People have a better understanding of one another when they have had shared experiences, whether that experience is attending a movie or a comic book convention.
That simple principle is the guiding force behind Life After Stroke, a group the meets every third Thursday at St. Luke’s Meridian Medical Center.
“It’s a very supportive group,” said Teresa Smith, St. Luke’s Treasure Valley stroke program manager and the facilitator of Life After Stroke. “We’ve been very blessed with people who want to use their experiences and help someone else, or to grow from it and be positive. That’s really contagious.”
Greg Hobbs, who suffered a stroke in March of 2015 at age 49, likes to compare people who have had strokes to people who have been involved in an earthquake. Both groups of people have experienced a traumatic event, some worse than others. But it helps to talk to one another about that experience and how they have dealt with the aftermath.
That communal spirit is palpable in the room when the members of Life After Stroke meet.
“I like it, because it’s a great time to talk to someone else,” said Susan Frost, who suffered a stroke in 2009. “I try to be an encourager for other people and tell them that things can get better.”
That reciprocal relationship can key for people who are recovering from stroke, said Dr. John Perl, a St. Luke’s neuroradiologist.
“Depression is really common following stroke, and these support groups allow people to develop effective coping mechanisms and strategies for getting better,” Dr. Perl said.
That’s why it’s so important that Foster shares her stories about how she has improved in the years since she first suffered her stroke.
“It helps guide people to the path to recovery,” Dr. Perl said. “It provides people with road maps.”
Smith took over as the leader of Life After Stroke about a year and a half ago, after St. Luke’s realized its support group needed to be reimagined.
“We had a stroke support group in the Boise Rehab hospital … and it just wasn’t thriving,” Smith said. “It wasn’t growing and it wasn’t keeping members.
“So, one of the things we did was look at the demographics of the stroke patients, and we found that Meridian was more central to where all of our stroke patients lived.”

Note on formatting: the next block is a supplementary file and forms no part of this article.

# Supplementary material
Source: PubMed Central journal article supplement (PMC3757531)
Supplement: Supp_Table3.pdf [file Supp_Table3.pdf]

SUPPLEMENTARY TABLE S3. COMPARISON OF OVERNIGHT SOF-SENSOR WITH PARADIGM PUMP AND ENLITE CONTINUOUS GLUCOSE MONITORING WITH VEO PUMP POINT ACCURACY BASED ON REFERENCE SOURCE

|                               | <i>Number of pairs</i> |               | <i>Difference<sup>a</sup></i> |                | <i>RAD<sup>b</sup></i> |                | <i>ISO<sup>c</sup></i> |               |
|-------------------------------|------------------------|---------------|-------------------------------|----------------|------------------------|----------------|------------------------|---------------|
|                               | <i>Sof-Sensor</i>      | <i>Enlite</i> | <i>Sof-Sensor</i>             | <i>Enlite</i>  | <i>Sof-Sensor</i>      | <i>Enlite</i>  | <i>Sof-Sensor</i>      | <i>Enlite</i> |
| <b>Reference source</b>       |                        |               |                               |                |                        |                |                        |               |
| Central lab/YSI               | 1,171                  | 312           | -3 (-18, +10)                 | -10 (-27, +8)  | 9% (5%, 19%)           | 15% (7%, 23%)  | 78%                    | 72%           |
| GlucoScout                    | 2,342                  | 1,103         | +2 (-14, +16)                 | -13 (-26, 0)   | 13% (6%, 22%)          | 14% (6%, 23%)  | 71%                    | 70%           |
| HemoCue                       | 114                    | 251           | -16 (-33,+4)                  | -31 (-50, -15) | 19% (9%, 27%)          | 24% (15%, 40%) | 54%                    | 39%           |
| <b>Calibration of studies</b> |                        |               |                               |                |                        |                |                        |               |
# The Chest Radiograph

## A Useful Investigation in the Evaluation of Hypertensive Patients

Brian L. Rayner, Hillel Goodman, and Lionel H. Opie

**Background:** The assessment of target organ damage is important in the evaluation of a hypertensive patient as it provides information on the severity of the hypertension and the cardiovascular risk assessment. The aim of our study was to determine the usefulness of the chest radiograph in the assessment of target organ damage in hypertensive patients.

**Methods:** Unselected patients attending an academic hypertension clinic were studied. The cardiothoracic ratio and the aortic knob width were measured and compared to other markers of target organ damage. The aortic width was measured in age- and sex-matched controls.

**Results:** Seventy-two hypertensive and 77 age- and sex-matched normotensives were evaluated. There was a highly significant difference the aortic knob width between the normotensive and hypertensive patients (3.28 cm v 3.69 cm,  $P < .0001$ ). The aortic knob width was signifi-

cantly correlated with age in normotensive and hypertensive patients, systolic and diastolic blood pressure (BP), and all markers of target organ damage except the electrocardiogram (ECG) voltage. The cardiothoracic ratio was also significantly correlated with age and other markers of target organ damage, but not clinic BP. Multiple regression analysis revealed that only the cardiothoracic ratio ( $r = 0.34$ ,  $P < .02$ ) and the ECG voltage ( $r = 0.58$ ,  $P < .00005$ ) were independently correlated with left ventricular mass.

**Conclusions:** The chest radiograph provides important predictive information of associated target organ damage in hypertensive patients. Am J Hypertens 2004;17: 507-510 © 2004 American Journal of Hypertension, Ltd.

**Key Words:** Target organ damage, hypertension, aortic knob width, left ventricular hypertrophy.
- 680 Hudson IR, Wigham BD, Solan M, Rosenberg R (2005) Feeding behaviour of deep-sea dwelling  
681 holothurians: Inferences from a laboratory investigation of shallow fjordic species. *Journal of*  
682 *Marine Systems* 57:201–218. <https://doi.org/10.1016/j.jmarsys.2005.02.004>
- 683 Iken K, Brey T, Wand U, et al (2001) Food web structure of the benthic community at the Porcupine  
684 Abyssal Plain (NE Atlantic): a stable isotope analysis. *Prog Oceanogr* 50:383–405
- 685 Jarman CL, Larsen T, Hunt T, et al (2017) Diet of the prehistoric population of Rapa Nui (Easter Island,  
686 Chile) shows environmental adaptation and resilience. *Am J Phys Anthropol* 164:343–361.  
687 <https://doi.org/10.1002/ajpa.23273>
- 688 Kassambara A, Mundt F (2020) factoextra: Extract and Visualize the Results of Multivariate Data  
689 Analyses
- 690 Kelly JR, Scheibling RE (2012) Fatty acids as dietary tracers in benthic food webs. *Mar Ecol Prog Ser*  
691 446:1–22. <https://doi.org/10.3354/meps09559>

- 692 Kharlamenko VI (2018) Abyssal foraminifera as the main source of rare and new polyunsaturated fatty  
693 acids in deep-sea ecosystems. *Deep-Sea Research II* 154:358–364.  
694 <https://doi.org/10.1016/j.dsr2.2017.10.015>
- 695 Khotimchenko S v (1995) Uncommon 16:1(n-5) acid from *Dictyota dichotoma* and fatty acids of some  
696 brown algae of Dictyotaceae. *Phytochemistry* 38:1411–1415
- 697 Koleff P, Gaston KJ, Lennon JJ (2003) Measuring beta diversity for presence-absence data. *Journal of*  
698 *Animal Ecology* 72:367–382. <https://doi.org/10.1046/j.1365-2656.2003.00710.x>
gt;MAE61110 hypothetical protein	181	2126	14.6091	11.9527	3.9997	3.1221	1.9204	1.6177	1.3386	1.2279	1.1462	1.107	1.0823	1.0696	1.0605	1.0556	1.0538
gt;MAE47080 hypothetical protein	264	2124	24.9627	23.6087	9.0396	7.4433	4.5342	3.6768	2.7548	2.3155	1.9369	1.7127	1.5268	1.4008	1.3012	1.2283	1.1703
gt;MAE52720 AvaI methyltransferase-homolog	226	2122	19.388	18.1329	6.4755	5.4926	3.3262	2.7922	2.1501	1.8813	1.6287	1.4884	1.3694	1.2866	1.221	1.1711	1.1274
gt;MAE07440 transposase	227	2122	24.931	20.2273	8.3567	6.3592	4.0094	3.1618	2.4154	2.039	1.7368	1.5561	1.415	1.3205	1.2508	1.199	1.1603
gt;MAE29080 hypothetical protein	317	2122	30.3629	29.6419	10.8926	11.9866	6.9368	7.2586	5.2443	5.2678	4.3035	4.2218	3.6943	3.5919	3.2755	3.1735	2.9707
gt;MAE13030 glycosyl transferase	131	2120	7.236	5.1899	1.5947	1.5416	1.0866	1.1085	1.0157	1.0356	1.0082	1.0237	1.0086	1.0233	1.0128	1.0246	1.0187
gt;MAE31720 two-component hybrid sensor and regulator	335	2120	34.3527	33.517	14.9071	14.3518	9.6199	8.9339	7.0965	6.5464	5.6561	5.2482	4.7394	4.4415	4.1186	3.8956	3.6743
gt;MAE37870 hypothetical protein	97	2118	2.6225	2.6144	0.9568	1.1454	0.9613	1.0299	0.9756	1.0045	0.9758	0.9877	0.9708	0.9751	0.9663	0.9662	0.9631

Smith also said the tone and purpose of the meetings was also changed.
“There’s a certain segment of people that feel uncomfortable in a setting where they feel like they’re going to sit around in a circle and share their feelings. They don’t want to do that,” Smith said. “So, we’ve retooled it and made it more of a seminar/support group setting. … The purpose of the group is to bring in speakers that would help enhance recovery.”
In the past few months, the group has learned about the benefits of chair yoga and how to battle insomnia and get a better night’s sleep.
“It’s less intimidating, because you’re coming here to receive information and support, opposed to coming here and having to open up to a group of strangers right away,” Smith said.
The change in philosophy seems to be working.
“The group has grown,” Smith said. “We’ve had as many as 25 people, and I think we’ll continue to grow. (In Boise), the program had one or two people that attended it, and sometimes no one would show up.”
It’s important to note that the group isn’t just for those who have suffered a stroke, but also their families, friends and caregivers.
Billie McDonald has attended recent meetings with her sister, Jan. McDonald’s husband suffered a stroke in July last year, and is still not able to attend the meetings.
“(The stroke) has really turned our lives upside down,” McDonald said. “So, I found I really needed an outlet, and I was reaching for anything. The first time we came, I thought, ‘This is it. This is something I’ve got to do.’”
McDonald said hearing encouraging stories from Frost and others has been invaluable.
“They might say, ‘I had my stroke five years ago, and at first I couldn’t walk or anything,’” McDonald said. “Well, that gives me hope, and then I tell my husband about it and that gives him hope. … This (group) just helps. It helps me.”
Susan Lehman said the group has helped her develop a better relationship with her uncle, who had a stroke about nine years ago. The two have attended the meetings in Meridian for more than a year.
“I think people feel like they have a common bond here, and they can really open up and people understand what they’re saying,” Lehman said.
She said she has seen firsthand the positive effects the meetings can have on her uncle.
“It’s made a big difference,” Lehman said. “He’s a positive person anyway, but this has certainly given him a reason, when he’s been down, to get back up and go.”
Dr. Edward Duckworth is a St. Luke’s neurosurgeon who has saved lives – and preserved peoples’ quality of life – with the treatment of his patients. He’s also a huge fan of the idea behind the Life After Stroke group.“I think it’s fantastic,” Duckworth said. “I applaud Teresa and St. Luke’s for being leaders in the community for that kind of thing. … I think it’s critically important.”
For more information, call (208) 381-9383 or email. Registration is not required to attend the meetings, which are conducted in the lower level of St. Luke’s Meridian Medical Center.
Chris Langrill is a writer and copy editor for the St. Luke’s Communications and Marketing department.